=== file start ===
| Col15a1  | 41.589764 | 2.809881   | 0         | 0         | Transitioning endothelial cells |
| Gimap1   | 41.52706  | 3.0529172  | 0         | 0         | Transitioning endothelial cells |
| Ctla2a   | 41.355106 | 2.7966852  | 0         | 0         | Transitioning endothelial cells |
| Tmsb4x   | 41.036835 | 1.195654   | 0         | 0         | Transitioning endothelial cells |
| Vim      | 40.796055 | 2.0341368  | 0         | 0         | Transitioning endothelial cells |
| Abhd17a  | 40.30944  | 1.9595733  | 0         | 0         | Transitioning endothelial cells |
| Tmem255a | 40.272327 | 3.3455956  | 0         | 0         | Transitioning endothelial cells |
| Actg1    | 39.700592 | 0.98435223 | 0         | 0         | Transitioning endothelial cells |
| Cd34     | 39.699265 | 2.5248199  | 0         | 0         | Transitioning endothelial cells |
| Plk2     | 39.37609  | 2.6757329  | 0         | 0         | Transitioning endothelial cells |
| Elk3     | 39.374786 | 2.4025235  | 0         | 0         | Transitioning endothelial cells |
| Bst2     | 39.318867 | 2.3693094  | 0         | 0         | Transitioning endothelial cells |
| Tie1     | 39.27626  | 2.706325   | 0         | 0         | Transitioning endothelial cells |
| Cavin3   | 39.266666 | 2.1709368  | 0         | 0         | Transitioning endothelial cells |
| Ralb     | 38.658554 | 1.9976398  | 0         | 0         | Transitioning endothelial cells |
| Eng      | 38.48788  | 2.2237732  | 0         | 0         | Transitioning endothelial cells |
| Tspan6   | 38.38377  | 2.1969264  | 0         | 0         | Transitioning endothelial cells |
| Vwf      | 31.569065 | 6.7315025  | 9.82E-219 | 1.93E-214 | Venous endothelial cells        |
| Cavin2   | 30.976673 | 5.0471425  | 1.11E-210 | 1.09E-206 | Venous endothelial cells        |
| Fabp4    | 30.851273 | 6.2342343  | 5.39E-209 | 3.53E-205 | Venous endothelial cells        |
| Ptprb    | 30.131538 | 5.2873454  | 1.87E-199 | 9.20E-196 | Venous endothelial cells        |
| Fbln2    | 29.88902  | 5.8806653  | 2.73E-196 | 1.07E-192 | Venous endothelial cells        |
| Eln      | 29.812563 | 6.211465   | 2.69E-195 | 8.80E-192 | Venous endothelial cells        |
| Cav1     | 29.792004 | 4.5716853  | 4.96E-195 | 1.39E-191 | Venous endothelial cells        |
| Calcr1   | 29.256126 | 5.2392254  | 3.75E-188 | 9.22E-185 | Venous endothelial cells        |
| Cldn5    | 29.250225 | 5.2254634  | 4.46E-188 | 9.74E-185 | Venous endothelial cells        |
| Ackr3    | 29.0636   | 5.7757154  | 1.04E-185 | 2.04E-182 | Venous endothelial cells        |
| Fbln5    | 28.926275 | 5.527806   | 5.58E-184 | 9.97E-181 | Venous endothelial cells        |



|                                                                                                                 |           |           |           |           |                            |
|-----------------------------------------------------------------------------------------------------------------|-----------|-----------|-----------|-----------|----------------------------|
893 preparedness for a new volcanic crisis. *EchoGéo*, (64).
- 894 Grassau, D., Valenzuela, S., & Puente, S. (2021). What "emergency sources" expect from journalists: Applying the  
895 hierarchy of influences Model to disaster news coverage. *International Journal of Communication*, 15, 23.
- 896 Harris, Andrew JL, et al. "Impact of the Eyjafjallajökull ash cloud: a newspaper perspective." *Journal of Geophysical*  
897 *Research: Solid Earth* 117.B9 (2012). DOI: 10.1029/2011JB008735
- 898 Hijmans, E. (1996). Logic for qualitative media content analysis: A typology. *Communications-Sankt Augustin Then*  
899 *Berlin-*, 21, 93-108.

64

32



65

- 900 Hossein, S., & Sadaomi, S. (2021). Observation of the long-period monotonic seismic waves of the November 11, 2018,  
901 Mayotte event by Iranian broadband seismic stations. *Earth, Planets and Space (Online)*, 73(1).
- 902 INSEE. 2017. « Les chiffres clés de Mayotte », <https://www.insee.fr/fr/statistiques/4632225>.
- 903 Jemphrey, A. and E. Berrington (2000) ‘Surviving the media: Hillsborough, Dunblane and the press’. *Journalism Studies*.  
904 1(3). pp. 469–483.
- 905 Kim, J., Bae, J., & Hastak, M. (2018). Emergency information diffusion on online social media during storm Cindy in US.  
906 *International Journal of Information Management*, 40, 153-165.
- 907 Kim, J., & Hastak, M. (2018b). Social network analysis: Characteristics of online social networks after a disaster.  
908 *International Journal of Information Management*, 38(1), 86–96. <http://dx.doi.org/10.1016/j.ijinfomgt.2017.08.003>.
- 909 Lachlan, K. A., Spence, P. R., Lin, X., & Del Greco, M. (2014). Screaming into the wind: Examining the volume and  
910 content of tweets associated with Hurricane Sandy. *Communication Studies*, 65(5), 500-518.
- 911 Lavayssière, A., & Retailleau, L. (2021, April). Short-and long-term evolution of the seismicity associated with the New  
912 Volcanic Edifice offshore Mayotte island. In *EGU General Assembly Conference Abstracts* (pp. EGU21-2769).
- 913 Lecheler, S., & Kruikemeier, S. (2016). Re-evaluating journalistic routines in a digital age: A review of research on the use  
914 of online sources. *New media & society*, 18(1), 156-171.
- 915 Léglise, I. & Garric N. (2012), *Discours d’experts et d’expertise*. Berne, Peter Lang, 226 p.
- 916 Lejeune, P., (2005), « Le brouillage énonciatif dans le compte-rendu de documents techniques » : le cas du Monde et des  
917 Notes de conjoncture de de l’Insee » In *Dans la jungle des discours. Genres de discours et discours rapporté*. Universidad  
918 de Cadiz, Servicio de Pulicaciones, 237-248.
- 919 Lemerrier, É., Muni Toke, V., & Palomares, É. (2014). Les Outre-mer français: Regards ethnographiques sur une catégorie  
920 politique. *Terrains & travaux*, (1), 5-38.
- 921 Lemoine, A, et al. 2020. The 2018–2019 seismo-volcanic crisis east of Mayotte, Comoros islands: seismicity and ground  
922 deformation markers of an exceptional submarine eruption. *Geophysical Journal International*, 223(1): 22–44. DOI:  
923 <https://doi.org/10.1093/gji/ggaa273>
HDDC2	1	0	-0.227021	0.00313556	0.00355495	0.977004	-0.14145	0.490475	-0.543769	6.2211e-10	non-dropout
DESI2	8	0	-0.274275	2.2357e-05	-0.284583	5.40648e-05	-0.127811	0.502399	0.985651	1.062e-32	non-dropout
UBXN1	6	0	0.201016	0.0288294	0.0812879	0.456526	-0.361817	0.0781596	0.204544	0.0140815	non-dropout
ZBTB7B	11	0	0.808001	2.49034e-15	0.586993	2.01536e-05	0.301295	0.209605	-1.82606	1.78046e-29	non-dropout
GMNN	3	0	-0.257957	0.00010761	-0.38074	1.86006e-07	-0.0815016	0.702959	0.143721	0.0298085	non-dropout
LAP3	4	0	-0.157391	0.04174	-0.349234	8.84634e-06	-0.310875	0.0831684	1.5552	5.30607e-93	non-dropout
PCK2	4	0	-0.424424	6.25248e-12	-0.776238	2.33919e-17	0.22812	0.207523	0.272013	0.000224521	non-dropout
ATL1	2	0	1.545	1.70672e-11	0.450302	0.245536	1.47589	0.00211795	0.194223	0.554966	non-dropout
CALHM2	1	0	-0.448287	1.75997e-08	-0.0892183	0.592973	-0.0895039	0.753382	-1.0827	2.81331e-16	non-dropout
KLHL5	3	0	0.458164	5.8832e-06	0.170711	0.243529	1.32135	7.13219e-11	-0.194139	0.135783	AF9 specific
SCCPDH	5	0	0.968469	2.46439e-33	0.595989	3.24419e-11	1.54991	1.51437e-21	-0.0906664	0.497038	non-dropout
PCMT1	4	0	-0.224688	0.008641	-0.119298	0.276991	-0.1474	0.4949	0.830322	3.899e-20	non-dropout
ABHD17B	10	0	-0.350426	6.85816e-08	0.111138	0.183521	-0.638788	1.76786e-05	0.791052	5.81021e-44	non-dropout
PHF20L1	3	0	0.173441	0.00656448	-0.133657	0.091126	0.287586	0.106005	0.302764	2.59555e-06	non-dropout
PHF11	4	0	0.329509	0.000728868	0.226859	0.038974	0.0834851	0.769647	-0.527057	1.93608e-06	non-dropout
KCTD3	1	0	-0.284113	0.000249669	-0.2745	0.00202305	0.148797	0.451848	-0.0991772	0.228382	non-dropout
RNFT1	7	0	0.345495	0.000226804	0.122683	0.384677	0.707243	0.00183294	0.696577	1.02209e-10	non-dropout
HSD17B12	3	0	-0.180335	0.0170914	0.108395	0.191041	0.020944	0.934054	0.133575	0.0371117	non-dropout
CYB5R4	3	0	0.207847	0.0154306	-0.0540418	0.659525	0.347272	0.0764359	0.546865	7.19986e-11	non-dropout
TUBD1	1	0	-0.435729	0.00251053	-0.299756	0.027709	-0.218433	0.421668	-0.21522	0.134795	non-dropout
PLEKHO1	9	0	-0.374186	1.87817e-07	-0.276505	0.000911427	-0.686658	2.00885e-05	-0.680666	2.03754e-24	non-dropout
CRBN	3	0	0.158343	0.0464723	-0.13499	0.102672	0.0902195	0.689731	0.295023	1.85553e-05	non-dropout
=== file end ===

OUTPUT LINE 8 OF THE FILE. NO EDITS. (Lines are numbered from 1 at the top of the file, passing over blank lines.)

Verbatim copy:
| Actg1    | 39.700592 | 0.98435223 | 0         | 0         | Transitioning endothelial cells |